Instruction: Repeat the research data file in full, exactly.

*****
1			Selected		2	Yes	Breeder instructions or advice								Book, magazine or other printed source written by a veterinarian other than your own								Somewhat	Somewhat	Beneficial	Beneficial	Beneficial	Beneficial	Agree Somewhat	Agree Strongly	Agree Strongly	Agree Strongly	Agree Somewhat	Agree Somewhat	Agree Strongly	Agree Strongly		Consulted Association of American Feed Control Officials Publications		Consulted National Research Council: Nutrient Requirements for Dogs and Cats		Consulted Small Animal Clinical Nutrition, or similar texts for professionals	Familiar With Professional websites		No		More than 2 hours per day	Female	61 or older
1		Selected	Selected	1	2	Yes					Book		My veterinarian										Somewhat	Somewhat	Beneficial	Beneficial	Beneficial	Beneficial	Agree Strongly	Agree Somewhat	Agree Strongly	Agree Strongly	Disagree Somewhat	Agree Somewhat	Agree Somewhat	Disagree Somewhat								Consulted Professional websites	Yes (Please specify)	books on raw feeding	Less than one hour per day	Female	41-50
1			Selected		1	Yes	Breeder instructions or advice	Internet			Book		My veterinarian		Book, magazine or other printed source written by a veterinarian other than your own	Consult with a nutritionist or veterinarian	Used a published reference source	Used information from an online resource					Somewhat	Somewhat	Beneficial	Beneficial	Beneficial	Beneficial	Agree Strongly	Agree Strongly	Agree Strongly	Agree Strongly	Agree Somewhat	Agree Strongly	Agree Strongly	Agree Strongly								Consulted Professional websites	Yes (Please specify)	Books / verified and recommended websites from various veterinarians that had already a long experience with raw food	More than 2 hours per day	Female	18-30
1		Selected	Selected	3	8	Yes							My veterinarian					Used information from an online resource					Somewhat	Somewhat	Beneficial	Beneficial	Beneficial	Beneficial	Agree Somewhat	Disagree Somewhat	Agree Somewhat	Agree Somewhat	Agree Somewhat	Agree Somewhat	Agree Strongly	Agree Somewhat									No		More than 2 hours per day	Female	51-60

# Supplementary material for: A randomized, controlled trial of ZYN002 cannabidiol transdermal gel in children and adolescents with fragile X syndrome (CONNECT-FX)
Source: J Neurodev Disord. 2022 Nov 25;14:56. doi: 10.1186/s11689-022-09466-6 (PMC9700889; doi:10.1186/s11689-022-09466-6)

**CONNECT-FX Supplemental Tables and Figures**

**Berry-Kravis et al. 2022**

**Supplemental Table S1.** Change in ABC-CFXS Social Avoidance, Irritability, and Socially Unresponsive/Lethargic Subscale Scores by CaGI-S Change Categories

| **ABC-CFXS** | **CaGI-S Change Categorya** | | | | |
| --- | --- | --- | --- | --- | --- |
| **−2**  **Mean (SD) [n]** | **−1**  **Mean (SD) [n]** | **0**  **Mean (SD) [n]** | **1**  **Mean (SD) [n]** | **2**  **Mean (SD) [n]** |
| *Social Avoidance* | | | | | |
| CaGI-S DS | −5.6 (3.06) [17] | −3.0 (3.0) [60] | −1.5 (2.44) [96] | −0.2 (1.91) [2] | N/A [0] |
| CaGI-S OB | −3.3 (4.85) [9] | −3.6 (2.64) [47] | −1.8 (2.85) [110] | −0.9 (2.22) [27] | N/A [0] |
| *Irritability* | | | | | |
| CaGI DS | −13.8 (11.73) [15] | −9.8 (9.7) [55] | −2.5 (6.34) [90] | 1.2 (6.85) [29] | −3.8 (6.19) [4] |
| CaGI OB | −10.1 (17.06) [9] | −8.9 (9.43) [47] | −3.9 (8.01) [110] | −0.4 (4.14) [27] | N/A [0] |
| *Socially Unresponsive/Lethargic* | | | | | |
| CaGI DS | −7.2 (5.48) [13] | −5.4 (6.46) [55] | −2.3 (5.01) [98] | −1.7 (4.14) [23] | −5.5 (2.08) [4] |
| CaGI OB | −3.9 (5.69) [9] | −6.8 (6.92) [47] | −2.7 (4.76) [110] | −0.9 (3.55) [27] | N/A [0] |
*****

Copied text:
1			Selected		2	Yes	Breeder instructions or advice								Book, magazine or other printed source written by a veterinarian other than your own								Somewhat	Somewhat	Beneficial	Beneficial	Beneficial	Beneficial	Agree Somewhat	Agree Strongly	Agree Strongly	Agree Strongly	Agree Somewhat	Agree Somewhat	Agree Strongly	Agree Strongly		Consulted Association of American Feed Control Officials Publications		Consulted National Research Council: Nutrient Requirements for Dogs and Cats		Consulted Small Animal Clinical Nutrition, or similar texts for professionals	Familiar With Professional websites		No		More than 2 hours per day	Female	61 or older
1		Selected	Selected	1	2	Yes					Book		My veterinarian										Somewhat	Somewhat	Beneficial	Beneficial	Beneficial	Beneficial	Agree Strongly	Agree Somewhat	Agree Strongly	Agree Strongly	Disagree Somewhat	Agree Somewhat	Agree Somewhat	Disagree Somewhat								Consulted Professional websites	Yes (Please specify)	books on raw feeding	Less than one hour per day	Female	41-50
1			Selected		1	Yes	Breeder instructions or advice	Internet			Book		My veterinarian		Book, magazine or other printed source written by a veterinarian other than your own	Consult with a nutritionist or veterinarian	Used a published reference source	Used information from an online resource					Somewhat	Somewhat	Beneficial	Beneficial	Beneficial	Beneficial	Agree Strongly	Agree Strongly	Agree Strongly	Agree Strongly	Agree Somewhat	Agree Strongly	Agree Strongly	Agree Strongly								Consulted Professional websites	Yes (Please specify)	Books / verified and recommended websites from various veterinarians that had already a long experience with raw food	More than 2 hours per day	Female	18-30
1		Selected	Selected	3	8	Yes							My veterinarian					Used information from an online resource					Somewhat	Somewhat	Beneficial	Beneficial	Beneficial	Beneficial	Agree Somewhat	Disagree Somewhat	Agree Somewhat	Agree Somewhat	Agree Somewhat	Agree Somewhat	Agree Strongly	Agree Somewhat									No		More than 2 hours per day	Female	51-60

# Supplementary material for: A randomized, controlled trial of ZYN002 cannabidiol transdermal gel in children and adolescents with fragile X syndrome (CONNECT-FX)
Source: J Neurodev Disord. 2022 Nov 25;14:56. doi: 10.1186/s11689-022-09466-6 (PMC9700889; doi:10.1186/s11689-022-09466-6)

**CONNECT-FX Supplemental Tables and Figures**

**Berry-Kravis et al. 2022**

**Supplemental Table S1.** Change in ABC-CFXS Social Avoidance, Irritability, and Socially Unresponsive/Lethargic Subscale Scores by CaGI-S Change Categories

| **ABC-CFXS** | **CaGI-S Change Categorya** | | | | |
| --- | --- | --- | --- | --- | --- |
| **−2**  **Mean (SD) [n]** | **−1**  **Mean (SD) [n]** | **0**  **Mean (SD) [n]** | **1**  **Mean (SD) [n]** | **2**  **Mean (SD) [n]** |
| *Social Avoidance* | | | | | |
| CaGI-S DS | −5.6 (3.06) [17] | −3.0 (3.0) [60] | −1.5 (2.44) [96] | −0.2 (1.91) [2] | N/A [0] |
| CaGI-S OB | −3.3 (4.85) [9] | −3.6 (2.64) [47] | −1.8 (2.85) [110] | −0.9 (2.22) [27] | N/A [0] |
| *Irritability* | | | | | |
| CaGI DS | −13.8 (11.73) [15] | −9.8 (9.7) [55] | −2.5 (6.34) [90] | 1.2 (6.85) [29] | −3.8 (6.19) [4] |
| CaGI OB | −10.1 (17.06) [9] | −8.9 (9.43) [47] | −3.9 (8.01) [110] | −0.4 (4.14) [27] | N/A [0] |
| *Socially Unresponsive/Lethargic* | | | | | |
| CaGI DS | −7.2 (5.48) [13] | −5.4 (6.46) [55] | −2.3 (5.01) [98] | −1.7 (4.14) [23] | −5.5 (2.08) [4] |
| CaGI OB | −3.9 (5.69) [9] | −6.8 (6.92) [47] | −2.7 (4.76) [110] | −0.9 (3.55) [27] | N/A [0] |